Agates and fossils from watery habitat (1)
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agate and fossil
This image combined with the above headline may be confusing in more than one way: The horizontal line could be thought to be a former water level, which is not. Agates are often thought to be formed at high temperatures but they are not. Hence it will be interesting to consider what had been going on here 400 million years ago in the watery habitat part of which had turned into the famous Rhynie chert.

Image: Banded agate, coated fungus hyphae, early land plant with fungus globules. Image width 4.3mm.

This sample shows one of the early land plants, Aglaophyton,  lying flat. Some fungus had formed globular objects seen here below right, also known as chlamydospores, in the inundated and probably decaying plant. It is not known whether the same fungus or another species, a water-dwelling one, had grown thin hyphae throughout the silica-rich water surrounding the plant. The hyphae got coatings of silica gel, now seen as bluish chalzedony.
Then, for reasons unknown, a shallow trough had formed, with an upward bend seen here on the left. The space above the trough, except for the coated hyphae, was still watery. Silica clusters formed in the slightly supersaturated liquid. When they became so big that thermal motion could not keep them afloat any more, they settled into a heavy liquid suspension which separated itself from the lighter liquid by a level surface. In the present case, something dark must have got stuck to the settling clusters but not to the coatings, which must remain unexplained here. Eventually the dark sediment solidified into gel and got a thin layer of bright-coloured sediment on top. Next came a layer of pale silica gel covering the level face and the other gel already present in the water.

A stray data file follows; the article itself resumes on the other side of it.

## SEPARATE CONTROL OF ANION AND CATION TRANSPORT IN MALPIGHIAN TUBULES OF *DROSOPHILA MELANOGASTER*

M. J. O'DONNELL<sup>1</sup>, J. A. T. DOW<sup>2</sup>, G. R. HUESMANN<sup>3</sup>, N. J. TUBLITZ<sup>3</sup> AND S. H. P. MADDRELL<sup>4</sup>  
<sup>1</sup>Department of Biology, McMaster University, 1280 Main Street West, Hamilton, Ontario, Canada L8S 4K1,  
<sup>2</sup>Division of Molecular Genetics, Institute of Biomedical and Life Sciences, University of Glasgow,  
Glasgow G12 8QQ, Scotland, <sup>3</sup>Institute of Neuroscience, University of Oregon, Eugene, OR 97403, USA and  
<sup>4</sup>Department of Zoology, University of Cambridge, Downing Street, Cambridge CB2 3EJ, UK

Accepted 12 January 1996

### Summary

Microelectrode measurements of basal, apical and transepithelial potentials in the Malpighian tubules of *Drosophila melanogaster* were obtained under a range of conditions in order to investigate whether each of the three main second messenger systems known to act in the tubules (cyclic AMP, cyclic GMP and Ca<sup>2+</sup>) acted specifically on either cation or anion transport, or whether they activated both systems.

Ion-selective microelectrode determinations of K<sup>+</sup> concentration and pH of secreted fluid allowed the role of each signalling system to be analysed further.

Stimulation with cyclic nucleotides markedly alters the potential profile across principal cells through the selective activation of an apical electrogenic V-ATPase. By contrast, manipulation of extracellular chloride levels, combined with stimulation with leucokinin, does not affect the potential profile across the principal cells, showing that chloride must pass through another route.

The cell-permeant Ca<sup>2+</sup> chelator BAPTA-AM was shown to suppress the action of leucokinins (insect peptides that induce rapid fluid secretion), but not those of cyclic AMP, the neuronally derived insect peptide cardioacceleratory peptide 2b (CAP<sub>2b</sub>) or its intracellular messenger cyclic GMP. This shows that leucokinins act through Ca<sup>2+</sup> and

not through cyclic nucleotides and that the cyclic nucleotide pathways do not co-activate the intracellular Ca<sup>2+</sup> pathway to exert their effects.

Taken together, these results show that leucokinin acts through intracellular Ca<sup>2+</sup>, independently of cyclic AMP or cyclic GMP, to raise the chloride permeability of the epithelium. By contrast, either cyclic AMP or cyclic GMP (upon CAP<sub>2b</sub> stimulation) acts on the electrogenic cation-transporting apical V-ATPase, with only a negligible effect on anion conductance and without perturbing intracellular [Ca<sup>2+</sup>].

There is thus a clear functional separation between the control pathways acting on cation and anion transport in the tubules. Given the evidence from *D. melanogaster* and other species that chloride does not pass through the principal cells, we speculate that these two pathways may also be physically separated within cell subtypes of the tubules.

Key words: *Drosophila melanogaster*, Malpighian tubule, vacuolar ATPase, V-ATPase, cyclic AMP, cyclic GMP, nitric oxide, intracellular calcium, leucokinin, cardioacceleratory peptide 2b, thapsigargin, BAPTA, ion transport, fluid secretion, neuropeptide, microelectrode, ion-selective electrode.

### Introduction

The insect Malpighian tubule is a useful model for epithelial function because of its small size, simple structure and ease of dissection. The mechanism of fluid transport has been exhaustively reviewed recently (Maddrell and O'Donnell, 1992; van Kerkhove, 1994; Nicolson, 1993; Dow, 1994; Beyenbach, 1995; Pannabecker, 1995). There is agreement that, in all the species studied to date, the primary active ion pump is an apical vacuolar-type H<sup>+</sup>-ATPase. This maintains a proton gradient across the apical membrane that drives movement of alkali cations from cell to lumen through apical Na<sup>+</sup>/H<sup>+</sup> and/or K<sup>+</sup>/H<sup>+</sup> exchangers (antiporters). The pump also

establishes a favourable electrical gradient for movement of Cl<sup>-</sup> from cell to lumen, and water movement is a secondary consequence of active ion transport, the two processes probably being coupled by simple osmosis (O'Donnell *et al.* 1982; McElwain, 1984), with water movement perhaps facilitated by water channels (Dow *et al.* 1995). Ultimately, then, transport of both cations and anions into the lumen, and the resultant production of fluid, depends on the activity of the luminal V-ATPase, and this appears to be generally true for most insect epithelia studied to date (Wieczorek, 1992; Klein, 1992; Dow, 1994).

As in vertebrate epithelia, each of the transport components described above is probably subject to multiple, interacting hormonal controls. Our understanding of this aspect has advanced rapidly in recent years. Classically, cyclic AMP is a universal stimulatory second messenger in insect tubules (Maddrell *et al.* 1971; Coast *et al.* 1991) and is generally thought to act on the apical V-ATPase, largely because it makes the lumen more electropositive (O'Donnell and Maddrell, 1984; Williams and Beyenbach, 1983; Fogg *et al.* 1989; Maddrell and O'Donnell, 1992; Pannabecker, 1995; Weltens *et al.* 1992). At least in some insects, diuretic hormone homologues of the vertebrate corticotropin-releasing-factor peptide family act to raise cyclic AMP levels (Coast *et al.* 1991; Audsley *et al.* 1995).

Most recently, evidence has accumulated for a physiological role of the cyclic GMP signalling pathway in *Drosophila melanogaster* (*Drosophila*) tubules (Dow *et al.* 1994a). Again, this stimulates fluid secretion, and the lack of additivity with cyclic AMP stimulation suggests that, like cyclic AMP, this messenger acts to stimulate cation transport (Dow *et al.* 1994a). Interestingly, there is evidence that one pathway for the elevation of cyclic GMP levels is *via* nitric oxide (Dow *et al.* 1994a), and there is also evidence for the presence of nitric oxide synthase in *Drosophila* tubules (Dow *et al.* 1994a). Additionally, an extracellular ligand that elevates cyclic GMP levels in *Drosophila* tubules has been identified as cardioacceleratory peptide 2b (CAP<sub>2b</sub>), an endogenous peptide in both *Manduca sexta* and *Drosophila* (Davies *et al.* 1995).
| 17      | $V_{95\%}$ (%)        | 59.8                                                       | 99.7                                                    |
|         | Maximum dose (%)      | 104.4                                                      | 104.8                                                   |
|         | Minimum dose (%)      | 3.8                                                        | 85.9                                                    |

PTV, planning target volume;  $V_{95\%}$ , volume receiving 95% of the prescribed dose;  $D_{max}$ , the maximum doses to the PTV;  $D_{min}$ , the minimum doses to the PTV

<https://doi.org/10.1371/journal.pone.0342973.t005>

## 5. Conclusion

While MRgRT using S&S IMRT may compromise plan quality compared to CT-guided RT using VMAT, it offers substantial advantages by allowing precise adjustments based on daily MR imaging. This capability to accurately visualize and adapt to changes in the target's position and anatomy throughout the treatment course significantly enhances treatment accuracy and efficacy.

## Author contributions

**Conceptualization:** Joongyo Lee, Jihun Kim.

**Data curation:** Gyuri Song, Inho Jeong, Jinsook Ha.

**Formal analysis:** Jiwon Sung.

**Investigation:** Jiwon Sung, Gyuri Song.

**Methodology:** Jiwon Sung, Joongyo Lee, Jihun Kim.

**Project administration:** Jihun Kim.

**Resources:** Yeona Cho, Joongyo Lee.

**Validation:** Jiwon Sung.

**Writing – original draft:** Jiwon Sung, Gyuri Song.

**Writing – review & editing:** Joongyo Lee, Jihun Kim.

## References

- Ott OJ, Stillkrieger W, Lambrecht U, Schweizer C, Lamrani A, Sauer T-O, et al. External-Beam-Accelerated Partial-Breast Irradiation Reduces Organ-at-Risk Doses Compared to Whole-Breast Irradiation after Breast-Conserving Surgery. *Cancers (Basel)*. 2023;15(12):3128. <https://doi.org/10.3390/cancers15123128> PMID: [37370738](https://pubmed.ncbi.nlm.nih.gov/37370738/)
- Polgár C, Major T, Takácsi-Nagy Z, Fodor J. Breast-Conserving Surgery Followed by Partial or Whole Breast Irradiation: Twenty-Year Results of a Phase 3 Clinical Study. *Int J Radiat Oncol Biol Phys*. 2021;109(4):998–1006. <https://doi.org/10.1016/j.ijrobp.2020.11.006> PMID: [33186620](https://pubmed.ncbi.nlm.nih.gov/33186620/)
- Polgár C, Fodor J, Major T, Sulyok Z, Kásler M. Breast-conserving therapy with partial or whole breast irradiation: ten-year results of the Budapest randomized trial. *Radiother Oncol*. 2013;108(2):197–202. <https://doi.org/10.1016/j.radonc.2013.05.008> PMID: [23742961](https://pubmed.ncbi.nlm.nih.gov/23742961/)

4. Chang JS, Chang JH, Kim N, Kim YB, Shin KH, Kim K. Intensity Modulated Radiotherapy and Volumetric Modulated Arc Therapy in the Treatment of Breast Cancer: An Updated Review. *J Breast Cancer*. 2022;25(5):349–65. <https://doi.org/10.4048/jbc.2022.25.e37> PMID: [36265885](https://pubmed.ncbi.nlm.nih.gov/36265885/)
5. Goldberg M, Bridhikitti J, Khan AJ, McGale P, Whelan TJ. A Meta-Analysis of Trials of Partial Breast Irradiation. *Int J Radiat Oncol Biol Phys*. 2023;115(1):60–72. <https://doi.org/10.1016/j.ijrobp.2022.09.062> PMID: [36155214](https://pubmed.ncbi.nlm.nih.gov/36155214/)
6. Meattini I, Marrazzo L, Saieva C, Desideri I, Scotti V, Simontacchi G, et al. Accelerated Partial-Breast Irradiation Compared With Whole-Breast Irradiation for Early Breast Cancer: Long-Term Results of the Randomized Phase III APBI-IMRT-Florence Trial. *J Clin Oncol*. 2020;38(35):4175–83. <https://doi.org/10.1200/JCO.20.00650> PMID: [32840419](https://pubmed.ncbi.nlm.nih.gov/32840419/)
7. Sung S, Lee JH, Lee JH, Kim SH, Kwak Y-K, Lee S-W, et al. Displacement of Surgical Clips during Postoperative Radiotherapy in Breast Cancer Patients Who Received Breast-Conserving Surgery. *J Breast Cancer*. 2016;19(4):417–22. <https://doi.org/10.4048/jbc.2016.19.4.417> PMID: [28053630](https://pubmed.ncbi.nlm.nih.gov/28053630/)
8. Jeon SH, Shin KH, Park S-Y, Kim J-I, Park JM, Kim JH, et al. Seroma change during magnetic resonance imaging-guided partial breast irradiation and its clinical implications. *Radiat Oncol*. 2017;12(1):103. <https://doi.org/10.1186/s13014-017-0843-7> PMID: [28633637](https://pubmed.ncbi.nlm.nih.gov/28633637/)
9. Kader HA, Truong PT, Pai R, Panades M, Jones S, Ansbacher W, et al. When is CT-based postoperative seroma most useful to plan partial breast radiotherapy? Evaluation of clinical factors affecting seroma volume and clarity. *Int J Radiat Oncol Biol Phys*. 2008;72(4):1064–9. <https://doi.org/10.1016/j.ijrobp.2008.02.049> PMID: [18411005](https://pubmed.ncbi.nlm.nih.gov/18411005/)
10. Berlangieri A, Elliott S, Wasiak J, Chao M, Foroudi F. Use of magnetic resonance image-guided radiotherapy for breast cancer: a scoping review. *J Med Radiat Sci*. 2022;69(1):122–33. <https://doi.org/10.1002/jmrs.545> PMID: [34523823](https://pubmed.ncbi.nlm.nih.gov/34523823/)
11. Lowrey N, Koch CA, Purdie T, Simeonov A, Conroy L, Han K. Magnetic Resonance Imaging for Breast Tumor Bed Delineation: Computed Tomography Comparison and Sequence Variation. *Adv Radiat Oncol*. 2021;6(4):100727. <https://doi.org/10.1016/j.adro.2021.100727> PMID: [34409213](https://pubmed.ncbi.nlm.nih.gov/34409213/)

After these deposition and coating processes, a watery cavity had remained, whose walls became coated with pale brown silica gel irrespective of position. This means that the silica clusters sticking to the wall were so small that they had been evenly distributed in the liquid by thermal motion. Other than the even distribution in space, the process did not go on smoothly with time, judging from the "banding" usualy seen with agates. The causes of the variations are not known.
It seems that the process of forming a dark suspension with a level surface had repeated itself in the final small water pocket inside the agate.
It may well be that the pale brown of the agate bands
and the dark brown of the sediment are caused by the same staining substance.
Sample: Rh2/164.3 (2011) 0.61kg, obtained from Shanks.

H.-J. Weiss     2019

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